It takes a long time to become a minister. Timothy had already had the faith at the knee of his mother and grandmother, Eunice and Lois. Timothy grew up on the menu of the Word. That is evidently why often ministers and good teachers come forth from the parsonage, a home where they are nourished in the Word. Timothy grew up in a family where the grandmother did not tell “old wives’ fables” but where the Word of the prophets, fulfilled in Christ was on the “daily Manna” calendar of their life. Paul appeals to this. He says: “which thou hast followed up till now.” Timothy was steeped in the Word. He must remain in it and without fear or favor preach the Word, putting the brethren in mind of the truth in Christ. A minister must have eaten the Word. The prophets ate the roll, the scroll of God, so to speak.

These words are “the words of faith,” that is, they are Word which are the content of what we believe. We do not wholly understand and comprehend the word concerning the doctrine of God, the Trinity, Creation, Providence, the Conception by the Holy Ghost, the Birth of Christ from the virgin, Mary, the Suffering and Death, atonement and reconciliation, the Resurrection from the dead and the Renewal of all things. We believe them. We know in part and prophesy in part, but presently we shall know even as we are known. It is, therefore, words of faith.

And that is “good doctrine” and also “good ethics!”

All the rest, all philosophy of man to find God, which denies that in Christ we have Immanuel, God-with-us, is simply “old wives’ fables.” Paul called attention to the particular fables, which are concocted under the inspiration of Demons, by those who departed from the faith, in lying hypocrisy and deceit, proceeding from a seared conscience.

This must all be rejected in the preaching.

There are those who say: Let’s not talk about the teaching of other churches; let’s be positive. Now this latter remark is true. However, our positive preaching of the Mystery of Godliness allows for no error which is repugnant to the truth. The truth and the lie cannot both have the right of way on the high-way of the King. The lie is outlawed in Christ’s Kingdom; it belongs to the realm of the Devil, Satan, the Liar from the beginning!

For the teaching of error is always “profane.” The term for profane in the Greek is “bebeelos.” That which is profane is accessible to all, allowable to tread upon, and is closed against none. The broad-minded man is the profane man. The ta bebeela were the unconsecrated spots. And when employed of men it referred to those who were unconsecrated. Thus it was employed by the Greeks; thus it is employed by the Scriptures too. The profane fables are those which allow unbelievers a place. It is void of all key-power and the exercise of the same. It does not put the believers in the kingdom and unbelievers out of the kingdom of God; it lacks the two-edged cutting characteristic of the pure preaching of the Word. It is profane. Old women, irresponsible men may tell them with much pomp and tradition, with long robes and surrounded by much ritual and ado, they remain profane and fables under whatever titles they are named, or in whatever setting they are placed.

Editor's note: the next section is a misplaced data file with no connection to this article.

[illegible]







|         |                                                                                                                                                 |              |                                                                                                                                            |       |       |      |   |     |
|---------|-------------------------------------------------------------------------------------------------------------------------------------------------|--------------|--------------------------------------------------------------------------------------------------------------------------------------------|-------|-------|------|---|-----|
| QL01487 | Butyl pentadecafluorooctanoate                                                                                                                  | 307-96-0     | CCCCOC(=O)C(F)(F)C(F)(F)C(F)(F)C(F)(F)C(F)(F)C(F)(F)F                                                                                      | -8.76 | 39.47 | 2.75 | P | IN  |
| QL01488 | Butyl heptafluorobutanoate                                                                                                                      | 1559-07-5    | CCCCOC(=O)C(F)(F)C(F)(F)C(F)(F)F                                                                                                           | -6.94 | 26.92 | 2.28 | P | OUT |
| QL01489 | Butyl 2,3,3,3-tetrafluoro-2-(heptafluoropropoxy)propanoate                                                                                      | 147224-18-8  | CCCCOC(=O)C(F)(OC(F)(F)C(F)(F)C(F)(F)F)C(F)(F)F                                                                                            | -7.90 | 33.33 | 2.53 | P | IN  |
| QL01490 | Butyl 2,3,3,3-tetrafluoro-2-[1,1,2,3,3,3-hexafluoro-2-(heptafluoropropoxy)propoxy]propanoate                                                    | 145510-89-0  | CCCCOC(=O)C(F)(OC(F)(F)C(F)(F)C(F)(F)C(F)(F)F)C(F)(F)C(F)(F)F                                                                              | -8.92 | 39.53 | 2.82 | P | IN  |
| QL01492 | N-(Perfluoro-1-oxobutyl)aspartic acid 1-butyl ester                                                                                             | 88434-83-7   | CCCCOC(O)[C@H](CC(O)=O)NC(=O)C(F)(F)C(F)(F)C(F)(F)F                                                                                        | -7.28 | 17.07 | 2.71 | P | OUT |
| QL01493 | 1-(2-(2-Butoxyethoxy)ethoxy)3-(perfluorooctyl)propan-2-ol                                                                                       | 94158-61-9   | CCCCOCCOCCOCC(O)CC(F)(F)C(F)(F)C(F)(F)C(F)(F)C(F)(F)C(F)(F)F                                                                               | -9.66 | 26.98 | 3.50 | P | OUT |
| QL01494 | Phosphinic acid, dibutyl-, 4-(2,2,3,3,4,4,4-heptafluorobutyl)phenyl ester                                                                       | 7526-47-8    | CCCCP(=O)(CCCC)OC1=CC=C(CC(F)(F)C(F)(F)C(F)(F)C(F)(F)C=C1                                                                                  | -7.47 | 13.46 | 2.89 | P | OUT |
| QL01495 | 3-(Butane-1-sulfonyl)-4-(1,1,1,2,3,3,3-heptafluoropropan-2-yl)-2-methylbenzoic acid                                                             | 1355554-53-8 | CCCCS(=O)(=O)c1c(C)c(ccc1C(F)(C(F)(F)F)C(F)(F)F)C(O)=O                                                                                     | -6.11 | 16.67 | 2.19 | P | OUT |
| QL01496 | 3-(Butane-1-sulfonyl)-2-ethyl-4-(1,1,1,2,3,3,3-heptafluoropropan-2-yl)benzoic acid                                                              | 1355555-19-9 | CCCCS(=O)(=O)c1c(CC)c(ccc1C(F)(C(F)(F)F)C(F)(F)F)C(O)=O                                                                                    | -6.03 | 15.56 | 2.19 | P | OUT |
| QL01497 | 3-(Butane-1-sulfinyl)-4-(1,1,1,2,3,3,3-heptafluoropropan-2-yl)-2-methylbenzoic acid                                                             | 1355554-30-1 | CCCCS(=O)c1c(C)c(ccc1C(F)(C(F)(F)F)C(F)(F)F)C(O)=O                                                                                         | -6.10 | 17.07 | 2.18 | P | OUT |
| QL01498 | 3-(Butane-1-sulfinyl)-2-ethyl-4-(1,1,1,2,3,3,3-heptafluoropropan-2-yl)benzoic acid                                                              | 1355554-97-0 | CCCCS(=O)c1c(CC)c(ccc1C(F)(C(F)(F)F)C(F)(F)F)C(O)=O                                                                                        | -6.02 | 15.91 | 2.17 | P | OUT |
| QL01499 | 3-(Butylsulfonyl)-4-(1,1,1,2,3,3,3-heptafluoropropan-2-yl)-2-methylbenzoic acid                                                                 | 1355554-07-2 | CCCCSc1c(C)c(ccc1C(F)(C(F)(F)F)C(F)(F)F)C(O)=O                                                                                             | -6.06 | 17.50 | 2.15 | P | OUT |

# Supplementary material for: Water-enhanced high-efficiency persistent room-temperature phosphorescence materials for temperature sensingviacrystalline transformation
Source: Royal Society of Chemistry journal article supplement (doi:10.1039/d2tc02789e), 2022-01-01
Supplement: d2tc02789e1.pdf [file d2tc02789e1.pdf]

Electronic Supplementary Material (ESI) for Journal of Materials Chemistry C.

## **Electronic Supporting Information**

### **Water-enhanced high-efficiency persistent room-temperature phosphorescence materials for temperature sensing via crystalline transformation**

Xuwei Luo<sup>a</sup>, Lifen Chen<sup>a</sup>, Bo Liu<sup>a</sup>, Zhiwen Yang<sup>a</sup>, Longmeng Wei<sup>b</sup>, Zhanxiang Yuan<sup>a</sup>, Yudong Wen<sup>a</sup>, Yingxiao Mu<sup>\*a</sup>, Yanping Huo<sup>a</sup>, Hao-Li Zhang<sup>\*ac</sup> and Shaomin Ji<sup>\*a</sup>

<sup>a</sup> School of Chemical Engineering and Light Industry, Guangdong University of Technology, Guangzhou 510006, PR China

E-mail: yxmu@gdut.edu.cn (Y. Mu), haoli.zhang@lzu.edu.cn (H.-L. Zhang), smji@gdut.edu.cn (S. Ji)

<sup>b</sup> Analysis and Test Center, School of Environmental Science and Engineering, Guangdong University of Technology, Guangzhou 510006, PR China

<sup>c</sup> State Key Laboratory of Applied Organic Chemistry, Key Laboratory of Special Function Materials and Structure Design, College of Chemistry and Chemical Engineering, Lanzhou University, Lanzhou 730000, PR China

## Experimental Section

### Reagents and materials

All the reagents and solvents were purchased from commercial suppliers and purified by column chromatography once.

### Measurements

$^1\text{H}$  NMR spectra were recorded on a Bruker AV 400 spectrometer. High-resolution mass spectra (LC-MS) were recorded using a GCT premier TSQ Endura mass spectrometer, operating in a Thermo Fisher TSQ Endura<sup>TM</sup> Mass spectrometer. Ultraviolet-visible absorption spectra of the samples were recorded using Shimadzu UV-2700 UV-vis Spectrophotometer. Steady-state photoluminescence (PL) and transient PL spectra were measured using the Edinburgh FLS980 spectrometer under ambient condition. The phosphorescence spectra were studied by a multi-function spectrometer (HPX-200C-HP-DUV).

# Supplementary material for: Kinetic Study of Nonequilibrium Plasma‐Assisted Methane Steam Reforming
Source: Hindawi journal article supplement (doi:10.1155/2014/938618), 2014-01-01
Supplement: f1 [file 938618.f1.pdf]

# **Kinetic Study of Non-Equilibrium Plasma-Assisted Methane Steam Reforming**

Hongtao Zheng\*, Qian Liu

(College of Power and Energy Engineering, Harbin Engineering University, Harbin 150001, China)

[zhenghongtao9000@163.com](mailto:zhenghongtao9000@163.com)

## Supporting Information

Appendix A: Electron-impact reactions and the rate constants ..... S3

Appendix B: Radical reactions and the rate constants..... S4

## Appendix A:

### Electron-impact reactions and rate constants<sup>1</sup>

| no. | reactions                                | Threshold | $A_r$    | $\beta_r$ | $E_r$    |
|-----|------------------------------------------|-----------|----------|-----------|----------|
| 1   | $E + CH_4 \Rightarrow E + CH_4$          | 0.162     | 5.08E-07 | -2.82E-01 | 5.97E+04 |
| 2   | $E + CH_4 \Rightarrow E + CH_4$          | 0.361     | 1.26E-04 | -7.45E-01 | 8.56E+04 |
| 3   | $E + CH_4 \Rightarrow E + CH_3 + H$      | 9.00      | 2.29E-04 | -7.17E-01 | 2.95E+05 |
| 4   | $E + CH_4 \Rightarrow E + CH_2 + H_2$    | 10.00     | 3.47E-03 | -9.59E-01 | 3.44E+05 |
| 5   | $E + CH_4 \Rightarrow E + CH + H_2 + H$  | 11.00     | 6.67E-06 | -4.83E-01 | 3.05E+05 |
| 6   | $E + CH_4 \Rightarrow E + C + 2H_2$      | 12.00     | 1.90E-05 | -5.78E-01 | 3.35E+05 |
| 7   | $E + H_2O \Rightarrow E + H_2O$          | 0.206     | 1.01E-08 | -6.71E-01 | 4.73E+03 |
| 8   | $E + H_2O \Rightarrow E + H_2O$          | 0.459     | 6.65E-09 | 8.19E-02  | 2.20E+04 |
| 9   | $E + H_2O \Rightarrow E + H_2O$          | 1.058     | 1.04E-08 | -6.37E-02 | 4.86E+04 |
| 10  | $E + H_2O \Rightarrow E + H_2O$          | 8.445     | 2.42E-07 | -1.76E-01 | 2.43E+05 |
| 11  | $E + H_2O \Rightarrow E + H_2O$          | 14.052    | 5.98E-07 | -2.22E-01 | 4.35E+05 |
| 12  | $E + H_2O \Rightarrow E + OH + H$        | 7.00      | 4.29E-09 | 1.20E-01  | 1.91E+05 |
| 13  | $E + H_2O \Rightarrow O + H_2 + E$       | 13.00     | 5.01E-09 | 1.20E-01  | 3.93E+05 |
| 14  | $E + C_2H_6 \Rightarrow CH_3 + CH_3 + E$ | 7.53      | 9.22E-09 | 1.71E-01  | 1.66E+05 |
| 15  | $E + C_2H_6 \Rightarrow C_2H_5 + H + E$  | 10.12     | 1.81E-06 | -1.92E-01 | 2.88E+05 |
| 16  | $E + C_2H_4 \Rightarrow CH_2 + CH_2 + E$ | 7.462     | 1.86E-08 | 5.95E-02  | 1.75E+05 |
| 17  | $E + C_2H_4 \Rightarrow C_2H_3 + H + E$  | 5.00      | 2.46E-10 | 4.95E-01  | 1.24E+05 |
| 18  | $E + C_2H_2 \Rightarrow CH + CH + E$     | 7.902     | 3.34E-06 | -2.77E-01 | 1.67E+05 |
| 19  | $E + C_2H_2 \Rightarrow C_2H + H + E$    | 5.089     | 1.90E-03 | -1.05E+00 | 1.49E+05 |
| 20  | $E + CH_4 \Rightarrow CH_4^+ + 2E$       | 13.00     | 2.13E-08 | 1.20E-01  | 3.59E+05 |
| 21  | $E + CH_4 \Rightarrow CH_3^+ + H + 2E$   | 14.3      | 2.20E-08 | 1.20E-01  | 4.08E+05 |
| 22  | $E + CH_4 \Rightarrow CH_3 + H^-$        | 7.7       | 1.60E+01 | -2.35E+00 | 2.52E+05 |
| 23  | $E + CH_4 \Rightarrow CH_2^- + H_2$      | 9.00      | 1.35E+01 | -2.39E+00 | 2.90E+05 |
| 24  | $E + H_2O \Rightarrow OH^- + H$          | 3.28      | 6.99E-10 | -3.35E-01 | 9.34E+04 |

Timothy must reject this; he must rightly cut the word, the bread of life. The second exhortation of Paul to Timothy, his son in the faith, is, that the latter is to “exercise himself unto godliness.” The term exercise is the translation of the Greek “gumnazoo” from which our English term is derived. The term literally means: to be naked. Those who took part in the games were naked in old Greece. All such words as gymnasium, a gymnast, gymnastics are derived from the aforementioned Greek term. The English termexercise comes from the Latin “exercitium: to drive on, to keep busy. The entire section of Paul’s exhortations from here to the end of this chapter comes under the watchword: Exercise thyself unto godliness, press forward, study unto godliness and salvation; work out your salvation with fear and trembling.

The minister’s study is a gymnasium, a spiritual gymnasium in which each week he exercises, presses forward constantly toward godliness; it is a gymnasium of prayer and the exercise of faith, so that on Sunday he may preach the Word and be a good minister. And, O, it requires so much strength and prayer; each Sunday is to be viewed again as the supreme contest—a contest unto godliness, reaching forth unto the promised hope.

There are physical gymnasts in the world. It is sometimes called physical culture; the Greeks spoke of the perfect body, the perfect development of all the potentialities of the body. The world has its “Mr. America” and our “Miss America.” No one will deny that the development of a strong and healthy body does have merit. It has some profit, only the profit is a “little.” The term little may mean a “little while” (James 4:14) or it may mean a little profit. We do not believe that Paul here refers to the spiritual and mental gymnastics of the ascetic, the man who inflicts with pain his body. In the first place, Paul does not call sucherror profitable, I would say: not even a “little.” Besides, the entire idea of the term Gymnastics refers to the arena, the world of contests in the games. This all, purely as physical development, has value for this life, and then only for a little while. We all fade and die like flowers that grow in beauty; the strongest and most robust man is soon cut off. But in the spiritual gymnasium of study and prayer, rooted in faith, there is great gain, both for this life and for the life to come. Well may we be busy in this activity—in the study. The first duty in the office of the minister is prayer!